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Cross-Sectional Factor Dynamics and Momentum Returns
This paper proposes and implements an inter-temporal model wherein aggregate consumption and asset-specific dividend growths jointly move with two mean-reverting state variables. Consumption beta varies through time and cross sectionally due to variation in half-lives and stationary volatilities of the dividend signals. Winner (Loser) stocks exhibit high (low) half-lives and stationary volatilities, and thus exhibit high (low) consumption beta commanding high (low) risk-premium. The model also rationalizes the "momentum crashes" phenomenon discussed in Daniel and Moskowitz (2014). High ...
Momentum Trading, Return Chasing and Predictable Crashes
We combine self-collected historical data from 1867 to 1907 with CRSP data from 1926 to 2012, to examine the risk and return over the past 140 years of one of the most popular mechanical trading strategies ? momentum. We find that momentum has earned abnormally high risk-adjusted returns ?a three factor alpha of 1 percent per month between 1927 and 2012 and 0.5 percent per month between 1867 and 1907 ? both statistically significantly different from zero. However, the momentum strategy also exposed investors to large losses (crashes) during both periods. Momentum crashes were predictable ? ...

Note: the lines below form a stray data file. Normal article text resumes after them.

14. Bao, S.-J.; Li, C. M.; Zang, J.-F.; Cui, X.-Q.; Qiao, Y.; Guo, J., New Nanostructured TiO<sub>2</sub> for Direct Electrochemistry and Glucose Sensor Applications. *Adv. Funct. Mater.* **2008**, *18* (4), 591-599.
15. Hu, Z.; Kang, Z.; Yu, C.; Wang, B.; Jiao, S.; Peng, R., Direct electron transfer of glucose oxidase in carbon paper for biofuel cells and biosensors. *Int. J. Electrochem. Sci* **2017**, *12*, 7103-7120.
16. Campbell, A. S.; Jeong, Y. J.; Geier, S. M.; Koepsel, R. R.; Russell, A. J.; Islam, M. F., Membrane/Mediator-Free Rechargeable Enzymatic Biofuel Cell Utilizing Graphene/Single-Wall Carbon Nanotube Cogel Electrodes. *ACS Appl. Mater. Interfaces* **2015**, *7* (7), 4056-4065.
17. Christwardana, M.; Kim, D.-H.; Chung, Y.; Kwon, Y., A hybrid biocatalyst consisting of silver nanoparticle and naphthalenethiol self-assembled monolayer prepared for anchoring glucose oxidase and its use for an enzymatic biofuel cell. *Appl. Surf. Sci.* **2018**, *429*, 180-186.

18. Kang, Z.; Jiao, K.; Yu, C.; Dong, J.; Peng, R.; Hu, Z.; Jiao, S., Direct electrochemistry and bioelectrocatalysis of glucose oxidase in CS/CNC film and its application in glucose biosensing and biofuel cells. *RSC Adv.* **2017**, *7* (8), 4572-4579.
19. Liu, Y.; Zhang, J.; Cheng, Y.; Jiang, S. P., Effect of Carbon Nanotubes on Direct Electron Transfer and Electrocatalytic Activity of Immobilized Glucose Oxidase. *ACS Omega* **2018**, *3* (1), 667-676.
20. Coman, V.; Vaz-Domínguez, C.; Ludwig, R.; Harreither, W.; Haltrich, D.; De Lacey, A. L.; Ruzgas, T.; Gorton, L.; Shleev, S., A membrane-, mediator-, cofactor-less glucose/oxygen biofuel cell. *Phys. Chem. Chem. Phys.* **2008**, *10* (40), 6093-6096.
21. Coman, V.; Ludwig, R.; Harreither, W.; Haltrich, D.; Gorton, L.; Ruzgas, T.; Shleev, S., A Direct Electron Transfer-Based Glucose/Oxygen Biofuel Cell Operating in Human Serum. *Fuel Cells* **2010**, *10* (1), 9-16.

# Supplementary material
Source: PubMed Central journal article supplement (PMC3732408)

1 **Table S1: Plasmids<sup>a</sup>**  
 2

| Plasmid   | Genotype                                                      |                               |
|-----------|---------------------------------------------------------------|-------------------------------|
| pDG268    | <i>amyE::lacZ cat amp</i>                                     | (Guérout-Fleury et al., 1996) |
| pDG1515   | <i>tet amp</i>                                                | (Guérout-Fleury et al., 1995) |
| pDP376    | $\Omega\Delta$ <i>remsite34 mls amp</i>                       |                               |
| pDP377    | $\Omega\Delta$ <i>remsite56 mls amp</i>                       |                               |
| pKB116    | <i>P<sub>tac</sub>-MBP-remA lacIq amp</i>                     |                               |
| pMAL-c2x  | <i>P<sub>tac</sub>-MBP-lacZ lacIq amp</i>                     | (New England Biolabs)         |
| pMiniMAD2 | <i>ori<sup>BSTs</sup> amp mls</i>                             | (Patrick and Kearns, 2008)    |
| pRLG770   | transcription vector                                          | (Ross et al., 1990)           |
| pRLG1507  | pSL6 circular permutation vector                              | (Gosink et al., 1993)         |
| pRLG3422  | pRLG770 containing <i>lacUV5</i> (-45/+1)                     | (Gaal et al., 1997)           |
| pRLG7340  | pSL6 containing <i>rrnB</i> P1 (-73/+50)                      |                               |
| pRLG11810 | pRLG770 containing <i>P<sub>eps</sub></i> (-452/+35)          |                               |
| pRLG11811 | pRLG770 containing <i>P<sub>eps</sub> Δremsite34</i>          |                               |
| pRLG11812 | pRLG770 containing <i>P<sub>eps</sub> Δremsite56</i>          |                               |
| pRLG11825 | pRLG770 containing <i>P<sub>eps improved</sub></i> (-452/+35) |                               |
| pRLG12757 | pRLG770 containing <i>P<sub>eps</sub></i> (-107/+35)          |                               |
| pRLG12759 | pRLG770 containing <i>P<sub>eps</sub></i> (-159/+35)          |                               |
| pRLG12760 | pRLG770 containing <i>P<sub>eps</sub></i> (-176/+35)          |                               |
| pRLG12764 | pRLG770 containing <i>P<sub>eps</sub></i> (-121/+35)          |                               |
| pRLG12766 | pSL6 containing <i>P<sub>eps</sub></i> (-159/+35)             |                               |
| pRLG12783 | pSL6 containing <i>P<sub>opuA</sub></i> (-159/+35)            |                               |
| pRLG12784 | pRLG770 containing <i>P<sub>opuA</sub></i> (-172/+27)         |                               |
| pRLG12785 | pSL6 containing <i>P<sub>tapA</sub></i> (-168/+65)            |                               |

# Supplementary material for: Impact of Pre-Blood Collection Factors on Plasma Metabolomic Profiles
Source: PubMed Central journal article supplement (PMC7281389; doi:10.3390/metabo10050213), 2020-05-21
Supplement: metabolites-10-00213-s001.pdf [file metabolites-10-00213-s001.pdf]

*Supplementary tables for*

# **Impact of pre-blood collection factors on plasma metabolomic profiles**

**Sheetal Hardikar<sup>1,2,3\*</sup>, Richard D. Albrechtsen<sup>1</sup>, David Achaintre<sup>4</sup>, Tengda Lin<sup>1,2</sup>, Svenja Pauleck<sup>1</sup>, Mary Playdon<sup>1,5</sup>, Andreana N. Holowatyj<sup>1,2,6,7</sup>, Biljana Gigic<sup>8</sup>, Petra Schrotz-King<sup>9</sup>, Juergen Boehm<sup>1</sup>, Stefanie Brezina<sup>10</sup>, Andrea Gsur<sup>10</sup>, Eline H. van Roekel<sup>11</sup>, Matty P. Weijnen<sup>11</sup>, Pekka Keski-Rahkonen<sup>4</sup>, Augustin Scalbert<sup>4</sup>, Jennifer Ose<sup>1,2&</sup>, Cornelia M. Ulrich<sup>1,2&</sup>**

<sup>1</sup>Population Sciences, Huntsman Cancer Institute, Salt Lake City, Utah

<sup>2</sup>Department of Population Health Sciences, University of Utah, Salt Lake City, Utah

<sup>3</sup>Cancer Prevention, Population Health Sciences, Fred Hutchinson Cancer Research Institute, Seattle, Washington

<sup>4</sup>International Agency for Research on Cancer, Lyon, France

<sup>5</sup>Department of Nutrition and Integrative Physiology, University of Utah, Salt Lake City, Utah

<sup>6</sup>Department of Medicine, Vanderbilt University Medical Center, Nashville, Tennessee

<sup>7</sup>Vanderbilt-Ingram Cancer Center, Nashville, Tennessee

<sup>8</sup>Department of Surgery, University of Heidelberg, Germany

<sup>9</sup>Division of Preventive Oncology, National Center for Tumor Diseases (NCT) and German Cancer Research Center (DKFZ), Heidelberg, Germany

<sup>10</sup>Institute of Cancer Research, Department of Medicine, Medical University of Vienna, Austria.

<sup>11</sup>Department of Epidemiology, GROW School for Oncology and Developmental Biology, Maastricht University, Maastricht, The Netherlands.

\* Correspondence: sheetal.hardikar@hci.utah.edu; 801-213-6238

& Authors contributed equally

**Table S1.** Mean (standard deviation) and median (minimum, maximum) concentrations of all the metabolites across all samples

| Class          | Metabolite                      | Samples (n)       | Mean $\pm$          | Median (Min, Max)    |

The Performance of International Equity Portfolios
This paper evaluates the performance of U.S. investors' portfolios in the equities of over 40 countries over a 25-year period. We find that these portfolios achieved a significantly higher Sharpe ratio than foreign benchmarks, especially since 1990. We uncover three potential reasons for this success. First, U.S. investors abstained from momentum trading and instead sold past winners. Second, conditional performance tests provide no evidence that the superior (unconditional) performance owed to private information, suggesting that the successful exploitation of publicly available information ...
Retail Investors’ Contrarian Behavior Around News, Attention, and the Momentum Effect
Using a large panel of U.S. brokerage accounts trades and positions, we show that a large fraction of retail investors trade as contrarians after large earnings surprises, especially for loser stocks, and that such contrarian trading contributes to post earnings announcement drift (PEAD) and price momentum. Indeed, when we double-sort by momentum portfolios and retail trading flows, PEAD and momentum are only present in the top two quintiles of retail trading intensity. Finer sorts confirm the results, as do sorts by firm size and institutional ownership level. We show that the investors in ...